The FDIC has not previously issued supervisory guidelines or regulations on corporate governance and risk management, though the Office of the Comptroller of the Currency and the Federal Reserve Board do impose such requirements on larger institutions. Several features of the proposed rule break new ground with requirements not found in previous mandates, including a specific requirement that institutions report violations of law and prescriptive guidelines on board committee structure.

The proposed guidelines target FDIC-supervised institutions, primarily state-chartered banks not affiliated with the Federal Reserve system, with assets of $10 billion or more, reflecting the agency’s view that larger or more complex institutions should have more sophisticated practices to ensure appropriate corporate governance. Furthermore, the FDIC reserves the authority to apply the proposed guidelines to smaller institutions if the FDIC determines that the institution’s operations are highly complex or present heightened risk.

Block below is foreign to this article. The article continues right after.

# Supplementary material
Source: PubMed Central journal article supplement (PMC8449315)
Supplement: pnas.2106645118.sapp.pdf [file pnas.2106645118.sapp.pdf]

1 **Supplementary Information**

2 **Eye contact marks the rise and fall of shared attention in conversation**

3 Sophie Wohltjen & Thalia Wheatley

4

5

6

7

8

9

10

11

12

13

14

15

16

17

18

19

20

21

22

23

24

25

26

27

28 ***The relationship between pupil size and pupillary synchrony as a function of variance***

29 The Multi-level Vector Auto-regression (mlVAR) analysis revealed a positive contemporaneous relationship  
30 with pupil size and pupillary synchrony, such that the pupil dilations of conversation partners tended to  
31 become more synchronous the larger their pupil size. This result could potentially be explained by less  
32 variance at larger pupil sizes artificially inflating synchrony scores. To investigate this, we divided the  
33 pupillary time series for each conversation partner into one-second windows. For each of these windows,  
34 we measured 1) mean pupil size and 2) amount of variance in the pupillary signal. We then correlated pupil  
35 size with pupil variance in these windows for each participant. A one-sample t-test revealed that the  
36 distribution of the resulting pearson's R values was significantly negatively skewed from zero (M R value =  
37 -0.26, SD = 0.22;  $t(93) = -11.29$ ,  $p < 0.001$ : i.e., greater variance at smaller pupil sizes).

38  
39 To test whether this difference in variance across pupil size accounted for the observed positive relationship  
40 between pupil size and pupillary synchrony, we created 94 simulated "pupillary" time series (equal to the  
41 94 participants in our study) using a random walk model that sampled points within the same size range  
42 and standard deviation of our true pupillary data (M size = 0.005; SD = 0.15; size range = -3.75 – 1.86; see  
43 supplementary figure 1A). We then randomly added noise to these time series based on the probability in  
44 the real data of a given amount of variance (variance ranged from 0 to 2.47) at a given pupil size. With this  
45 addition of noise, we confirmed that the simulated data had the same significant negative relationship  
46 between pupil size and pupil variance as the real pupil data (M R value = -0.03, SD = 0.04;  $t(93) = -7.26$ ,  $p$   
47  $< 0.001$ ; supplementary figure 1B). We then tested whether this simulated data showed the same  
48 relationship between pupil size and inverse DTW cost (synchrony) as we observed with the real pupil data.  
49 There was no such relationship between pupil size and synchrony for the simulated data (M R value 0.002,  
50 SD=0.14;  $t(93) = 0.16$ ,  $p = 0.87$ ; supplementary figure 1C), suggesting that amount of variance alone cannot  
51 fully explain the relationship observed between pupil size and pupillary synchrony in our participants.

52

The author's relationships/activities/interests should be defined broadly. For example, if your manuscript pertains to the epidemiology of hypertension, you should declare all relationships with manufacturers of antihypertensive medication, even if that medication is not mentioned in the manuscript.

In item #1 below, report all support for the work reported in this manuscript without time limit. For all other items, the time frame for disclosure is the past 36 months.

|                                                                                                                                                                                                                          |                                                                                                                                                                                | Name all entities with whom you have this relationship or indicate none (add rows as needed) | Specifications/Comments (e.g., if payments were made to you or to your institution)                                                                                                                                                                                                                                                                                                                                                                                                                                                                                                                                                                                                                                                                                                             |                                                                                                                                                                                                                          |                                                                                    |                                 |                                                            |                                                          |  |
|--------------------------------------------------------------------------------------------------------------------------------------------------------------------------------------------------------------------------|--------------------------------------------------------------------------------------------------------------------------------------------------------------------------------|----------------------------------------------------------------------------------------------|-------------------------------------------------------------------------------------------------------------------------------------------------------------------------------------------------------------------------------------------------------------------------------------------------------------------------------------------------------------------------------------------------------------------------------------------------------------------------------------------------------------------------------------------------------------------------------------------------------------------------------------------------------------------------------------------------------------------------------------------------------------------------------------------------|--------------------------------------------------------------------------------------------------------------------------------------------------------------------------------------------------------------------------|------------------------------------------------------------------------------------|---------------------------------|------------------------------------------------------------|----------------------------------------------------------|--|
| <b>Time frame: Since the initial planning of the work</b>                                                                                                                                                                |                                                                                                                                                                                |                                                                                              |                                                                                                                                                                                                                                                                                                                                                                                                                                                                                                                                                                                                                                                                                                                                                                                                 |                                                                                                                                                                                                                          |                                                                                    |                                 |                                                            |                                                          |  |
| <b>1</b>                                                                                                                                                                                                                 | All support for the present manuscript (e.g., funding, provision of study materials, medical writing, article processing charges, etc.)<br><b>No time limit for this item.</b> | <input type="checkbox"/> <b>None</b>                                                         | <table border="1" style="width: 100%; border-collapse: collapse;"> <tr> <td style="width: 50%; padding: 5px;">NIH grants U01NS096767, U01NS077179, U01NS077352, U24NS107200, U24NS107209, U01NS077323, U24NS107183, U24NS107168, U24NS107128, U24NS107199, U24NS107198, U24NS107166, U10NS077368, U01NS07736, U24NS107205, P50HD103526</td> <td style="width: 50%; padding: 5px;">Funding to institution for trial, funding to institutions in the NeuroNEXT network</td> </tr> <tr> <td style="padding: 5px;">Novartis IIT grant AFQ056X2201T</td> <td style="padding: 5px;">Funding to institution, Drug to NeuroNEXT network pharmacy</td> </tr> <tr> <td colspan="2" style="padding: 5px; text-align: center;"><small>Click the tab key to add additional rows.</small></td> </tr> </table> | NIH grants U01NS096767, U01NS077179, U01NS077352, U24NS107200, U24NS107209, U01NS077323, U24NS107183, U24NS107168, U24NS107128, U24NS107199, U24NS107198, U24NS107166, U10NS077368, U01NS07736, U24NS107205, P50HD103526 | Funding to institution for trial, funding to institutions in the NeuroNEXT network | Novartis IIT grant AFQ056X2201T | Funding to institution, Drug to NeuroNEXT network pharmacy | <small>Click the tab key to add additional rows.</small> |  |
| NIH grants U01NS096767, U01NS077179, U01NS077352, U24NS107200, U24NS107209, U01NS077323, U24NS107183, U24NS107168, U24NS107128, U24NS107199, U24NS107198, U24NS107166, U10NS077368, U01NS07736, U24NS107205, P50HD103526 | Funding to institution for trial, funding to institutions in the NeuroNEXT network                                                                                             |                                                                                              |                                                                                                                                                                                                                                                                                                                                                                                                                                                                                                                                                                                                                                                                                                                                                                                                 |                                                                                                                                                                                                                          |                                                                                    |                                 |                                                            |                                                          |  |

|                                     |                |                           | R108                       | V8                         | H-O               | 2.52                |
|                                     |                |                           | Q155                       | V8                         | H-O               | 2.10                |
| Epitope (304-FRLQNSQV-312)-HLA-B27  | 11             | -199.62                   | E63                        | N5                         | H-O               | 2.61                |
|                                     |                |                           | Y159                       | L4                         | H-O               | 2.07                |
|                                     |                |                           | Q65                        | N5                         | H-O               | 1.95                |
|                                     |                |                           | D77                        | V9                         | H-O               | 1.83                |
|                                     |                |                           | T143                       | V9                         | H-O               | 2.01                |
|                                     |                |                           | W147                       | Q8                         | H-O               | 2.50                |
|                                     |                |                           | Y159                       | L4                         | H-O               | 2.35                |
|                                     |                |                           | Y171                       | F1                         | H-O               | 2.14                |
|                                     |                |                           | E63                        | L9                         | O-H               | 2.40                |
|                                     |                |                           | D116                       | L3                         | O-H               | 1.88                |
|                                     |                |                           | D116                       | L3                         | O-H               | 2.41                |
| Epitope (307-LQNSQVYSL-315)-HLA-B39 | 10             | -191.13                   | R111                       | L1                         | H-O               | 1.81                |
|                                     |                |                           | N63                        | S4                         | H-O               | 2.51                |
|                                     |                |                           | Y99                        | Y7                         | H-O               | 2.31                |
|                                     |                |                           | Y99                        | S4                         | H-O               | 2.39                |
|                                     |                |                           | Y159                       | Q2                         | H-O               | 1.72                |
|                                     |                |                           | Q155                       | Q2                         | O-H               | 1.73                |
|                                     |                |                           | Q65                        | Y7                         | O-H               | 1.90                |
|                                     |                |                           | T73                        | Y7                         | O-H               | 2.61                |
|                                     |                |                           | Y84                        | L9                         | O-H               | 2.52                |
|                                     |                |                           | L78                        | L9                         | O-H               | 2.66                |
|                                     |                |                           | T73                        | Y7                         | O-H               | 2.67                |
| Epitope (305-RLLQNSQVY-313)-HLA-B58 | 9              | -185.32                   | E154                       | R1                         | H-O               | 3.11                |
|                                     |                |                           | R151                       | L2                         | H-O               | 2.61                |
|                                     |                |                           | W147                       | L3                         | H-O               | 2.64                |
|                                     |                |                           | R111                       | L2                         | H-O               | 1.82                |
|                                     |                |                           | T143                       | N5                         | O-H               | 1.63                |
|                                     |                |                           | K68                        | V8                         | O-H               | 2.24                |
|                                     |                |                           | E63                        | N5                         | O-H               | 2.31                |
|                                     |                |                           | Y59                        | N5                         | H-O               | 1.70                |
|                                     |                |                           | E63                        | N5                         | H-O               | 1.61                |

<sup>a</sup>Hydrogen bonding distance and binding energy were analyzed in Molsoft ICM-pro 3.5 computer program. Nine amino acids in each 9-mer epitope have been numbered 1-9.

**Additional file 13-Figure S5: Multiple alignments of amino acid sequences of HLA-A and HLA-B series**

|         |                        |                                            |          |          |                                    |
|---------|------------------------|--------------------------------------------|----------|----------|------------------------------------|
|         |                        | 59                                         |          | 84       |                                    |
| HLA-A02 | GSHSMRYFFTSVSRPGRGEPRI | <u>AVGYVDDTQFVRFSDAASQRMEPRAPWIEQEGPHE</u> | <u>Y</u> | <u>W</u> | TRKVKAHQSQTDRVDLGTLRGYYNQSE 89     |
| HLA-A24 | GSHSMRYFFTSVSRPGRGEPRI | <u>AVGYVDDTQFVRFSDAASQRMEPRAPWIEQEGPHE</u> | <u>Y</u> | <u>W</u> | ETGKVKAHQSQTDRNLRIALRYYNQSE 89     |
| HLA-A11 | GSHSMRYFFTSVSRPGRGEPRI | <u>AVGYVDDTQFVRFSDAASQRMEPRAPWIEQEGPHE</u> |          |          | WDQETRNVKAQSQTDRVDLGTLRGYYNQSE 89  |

Key Details and Highlights

The proposed guidelines contain board composition and diversity considerations, board committee requirements, and expectations for roles and responsibilities of the board. Appointing qualified executive management, developing succession plans, and actively overseeing management are some of the responsibilities covered. The proposed guidelines also would require development and maintenance of a strategic plan, risk management policies, and processes for responding to violations of laws, regulations, or breaches of internal risk limits.